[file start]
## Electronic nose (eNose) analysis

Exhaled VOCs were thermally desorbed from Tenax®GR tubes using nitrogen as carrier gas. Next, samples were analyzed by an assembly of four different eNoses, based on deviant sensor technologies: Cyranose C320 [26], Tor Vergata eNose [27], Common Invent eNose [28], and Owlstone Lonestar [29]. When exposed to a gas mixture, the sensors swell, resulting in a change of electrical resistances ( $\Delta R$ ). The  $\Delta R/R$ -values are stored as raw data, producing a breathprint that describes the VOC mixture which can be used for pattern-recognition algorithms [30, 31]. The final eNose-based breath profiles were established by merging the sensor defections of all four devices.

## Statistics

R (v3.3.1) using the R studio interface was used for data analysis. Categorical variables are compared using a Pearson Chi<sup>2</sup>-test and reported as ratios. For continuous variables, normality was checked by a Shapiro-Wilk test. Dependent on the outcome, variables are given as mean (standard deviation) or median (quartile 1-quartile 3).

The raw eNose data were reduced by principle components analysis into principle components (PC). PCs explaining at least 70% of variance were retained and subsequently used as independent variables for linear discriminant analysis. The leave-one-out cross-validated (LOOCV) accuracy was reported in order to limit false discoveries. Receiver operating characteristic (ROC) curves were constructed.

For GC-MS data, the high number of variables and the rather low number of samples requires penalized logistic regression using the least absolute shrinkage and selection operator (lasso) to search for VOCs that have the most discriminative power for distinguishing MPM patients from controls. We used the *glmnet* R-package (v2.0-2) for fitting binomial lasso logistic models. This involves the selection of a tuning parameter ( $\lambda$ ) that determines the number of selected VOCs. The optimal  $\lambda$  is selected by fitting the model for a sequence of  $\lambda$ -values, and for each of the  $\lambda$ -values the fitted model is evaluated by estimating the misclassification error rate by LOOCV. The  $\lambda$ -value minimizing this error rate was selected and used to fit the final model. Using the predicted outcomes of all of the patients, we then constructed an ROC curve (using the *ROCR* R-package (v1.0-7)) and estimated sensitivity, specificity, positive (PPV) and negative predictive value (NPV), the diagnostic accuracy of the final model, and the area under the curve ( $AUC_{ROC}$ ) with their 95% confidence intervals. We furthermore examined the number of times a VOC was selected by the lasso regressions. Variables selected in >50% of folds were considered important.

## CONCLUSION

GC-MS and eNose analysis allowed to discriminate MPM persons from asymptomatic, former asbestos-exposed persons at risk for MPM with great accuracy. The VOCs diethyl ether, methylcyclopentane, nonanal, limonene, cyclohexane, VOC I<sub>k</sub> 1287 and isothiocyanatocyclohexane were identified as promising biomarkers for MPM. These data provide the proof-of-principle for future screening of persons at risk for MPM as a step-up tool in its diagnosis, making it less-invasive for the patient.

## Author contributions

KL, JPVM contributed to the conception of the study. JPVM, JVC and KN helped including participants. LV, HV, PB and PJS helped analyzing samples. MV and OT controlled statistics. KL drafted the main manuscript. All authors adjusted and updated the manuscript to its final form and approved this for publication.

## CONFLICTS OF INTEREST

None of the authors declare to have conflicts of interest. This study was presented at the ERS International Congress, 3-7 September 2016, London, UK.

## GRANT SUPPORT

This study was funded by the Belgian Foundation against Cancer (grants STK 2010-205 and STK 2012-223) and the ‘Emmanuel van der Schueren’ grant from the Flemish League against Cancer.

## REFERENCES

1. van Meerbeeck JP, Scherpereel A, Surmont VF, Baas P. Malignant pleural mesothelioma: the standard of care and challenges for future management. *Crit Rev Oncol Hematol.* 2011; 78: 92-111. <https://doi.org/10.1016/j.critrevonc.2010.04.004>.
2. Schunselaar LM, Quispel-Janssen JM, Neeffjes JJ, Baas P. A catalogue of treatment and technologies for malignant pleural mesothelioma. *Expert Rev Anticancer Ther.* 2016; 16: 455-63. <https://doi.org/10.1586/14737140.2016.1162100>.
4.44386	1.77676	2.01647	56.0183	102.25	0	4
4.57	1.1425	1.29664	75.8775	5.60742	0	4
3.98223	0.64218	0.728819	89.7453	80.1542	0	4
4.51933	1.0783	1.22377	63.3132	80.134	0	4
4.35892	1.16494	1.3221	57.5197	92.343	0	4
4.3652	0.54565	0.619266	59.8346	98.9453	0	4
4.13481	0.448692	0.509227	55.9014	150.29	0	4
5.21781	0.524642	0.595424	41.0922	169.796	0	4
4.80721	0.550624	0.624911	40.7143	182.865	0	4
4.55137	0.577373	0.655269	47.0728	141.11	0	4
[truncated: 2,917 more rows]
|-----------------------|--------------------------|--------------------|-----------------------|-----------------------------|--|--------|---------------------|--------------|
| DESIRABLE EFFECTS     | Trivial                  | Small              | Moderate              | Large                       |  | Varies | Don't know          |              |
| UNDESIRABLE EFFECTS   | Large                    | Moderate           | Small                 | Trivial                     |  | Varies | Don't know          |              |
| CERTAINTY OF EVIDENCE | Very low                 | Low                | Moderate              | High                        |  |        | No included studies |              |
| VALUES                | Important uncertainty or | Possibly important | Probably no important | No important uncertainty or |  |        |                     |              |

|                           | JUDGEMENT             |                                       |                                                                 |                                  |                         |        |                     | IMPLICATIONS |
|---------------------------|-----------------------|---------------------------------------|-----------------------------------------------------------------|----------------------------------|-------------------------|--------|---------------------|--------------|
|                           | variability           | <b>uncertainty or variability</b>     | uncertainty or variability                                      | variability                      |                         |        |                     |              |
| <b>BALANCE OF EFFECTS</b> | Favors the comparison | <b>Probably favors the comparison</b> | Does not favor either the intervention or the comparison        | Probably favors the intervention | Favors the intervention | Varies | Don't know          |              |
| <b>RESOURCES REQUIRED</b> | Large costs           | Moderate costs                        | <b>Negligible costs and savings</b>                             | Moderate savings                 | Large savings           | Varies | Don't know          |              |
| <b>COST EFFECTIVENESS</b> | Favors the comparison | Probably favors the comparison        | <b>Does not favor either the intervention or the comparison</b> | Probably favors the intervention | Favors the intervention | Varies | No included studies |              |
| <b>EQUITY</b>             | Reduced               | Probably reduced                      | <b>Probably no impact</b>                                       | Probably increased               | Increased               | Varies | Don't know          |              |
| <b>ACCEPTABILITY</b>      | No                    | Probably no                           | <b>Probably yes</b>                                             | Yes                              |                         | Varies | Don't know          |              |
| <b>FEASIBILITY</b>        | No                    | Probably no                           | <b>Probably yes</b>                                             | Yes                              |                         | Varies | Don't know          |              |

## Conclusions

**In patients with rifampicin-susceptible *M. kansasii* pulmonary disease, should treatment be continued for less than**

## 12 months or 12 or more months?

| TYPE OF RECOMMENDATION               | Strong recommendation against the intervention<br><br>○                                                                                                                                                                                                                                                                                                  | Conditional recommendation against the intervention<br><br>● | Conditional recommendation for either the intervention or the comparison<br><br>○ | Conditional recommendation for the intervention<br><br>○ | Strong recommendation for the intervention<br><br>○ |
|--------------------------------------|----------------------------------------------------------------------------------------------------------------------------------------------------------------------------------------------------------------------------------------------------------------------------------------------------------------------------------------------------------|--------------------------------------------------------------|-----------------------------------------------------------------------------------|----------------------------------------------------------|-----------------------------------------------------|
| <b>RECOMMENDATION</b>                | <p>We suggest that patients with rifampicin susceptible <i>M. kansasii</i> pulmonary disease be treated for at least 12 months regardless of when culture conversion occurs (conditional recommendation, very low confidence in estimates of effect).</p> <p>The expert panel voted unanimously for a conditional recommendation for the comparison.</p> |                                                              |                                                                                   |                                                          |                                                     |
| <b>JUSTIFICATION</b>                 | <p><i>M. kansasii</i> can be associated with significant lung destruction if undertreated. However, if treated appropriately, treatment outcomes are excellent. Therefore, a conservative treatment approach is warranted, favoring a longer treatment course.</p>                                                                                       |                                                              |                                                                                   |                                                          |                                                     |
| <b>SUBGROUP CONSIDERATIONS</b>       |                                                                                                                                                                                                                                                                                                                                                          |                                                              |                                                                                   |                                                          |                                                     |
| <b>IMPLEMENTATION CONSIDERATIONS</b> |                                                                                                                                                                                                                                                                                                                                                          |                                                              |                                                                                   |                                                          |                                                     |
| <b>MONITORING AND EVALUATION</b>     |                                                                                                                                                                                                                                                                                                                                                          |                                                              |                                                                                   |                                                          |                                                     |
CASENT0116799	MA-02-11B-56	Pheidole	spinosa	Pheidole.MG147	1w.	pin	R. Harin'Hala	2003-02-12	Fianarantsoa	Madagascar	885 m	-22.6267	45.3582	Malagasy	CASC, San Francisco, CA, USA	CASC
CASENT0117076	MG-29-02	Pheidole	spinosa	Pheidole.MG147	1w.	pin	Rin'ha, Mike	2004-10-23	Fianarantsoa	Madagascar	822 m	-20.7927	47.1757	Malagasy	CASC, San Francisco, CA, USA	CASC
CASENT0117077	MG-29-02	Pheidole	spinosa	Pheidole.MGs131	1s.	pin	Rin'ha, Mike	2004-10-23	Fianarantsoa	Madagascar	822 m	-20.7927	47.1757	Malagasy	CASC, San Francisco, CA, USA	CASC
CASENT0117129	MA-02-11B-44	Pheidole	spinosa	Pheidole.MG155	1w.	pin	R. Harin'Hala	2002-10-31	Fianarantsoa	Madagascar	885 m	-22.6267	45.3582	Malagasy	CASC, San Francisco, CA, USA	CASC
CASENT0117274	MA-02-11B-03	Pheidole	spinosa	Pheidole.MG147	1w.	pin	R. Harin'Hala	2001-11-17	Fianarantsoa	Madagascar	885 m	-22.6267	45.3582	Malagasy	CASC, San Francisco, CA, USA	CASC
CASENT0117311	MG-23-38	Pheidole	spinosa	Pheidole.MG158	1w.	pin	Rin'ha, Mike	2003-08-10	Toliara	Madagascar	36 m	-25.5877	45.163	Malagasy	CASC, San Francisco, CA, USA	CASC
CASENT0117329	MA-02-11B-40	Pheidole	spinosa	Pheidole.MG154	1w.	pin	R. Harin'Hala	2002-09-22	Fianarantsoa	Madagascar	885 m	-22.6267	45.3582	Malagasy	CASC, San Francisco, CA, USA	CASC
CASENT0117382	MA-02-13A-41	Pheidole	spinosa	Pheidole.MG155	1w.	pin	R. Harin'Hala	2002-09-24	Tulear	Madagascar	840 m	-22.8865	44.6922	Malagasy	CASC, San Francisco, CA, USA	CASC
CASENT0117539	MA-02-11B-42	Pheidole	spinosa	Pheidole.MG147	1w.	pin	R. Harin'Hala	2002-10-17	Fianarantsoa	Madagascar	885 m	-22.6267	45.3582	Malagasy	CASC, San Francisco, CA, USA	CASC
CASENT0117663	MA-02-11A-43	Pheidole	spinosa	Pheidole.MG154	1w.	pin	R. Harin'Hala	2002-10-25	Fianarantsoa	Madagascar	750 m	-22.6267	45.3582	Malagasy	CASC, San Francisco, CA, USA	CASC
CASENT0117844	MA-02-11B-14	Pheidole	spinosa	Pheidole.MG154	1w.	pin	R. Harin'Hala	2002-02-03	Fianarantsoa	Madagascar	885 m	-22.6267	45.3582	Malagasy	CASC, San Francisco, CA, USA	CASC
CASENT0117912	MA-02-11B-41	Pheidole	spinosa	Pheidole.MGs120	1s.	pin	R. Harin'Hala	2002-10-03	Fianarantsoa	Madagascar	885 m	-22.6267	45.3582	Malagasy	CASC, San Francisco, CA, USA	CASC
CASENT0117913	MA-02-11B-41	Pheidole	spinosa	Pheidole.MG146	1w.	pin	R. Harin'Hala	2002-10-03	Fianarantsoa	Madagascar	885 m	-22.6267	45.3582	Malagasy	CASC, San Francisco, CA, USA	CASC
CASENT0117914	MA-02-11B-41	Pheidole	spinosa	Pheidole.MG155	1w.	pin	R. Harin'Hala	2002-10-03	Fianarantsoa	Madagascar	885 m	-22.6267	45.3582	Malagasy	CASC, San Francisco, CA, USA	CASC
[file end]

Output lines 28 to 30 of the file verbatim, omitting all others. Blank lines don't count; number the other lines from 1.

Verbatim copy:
[truncated: 2,917 more rows]
|-----------------------|--------------------------|--------------------|-----------------------|-----------------------------|--|--------|---------------------|--------------|
| DESIRABLE EFFECTS     | Trivial                  | Small              | Moderate              | Large                       |  | Varies | Don't know          |              |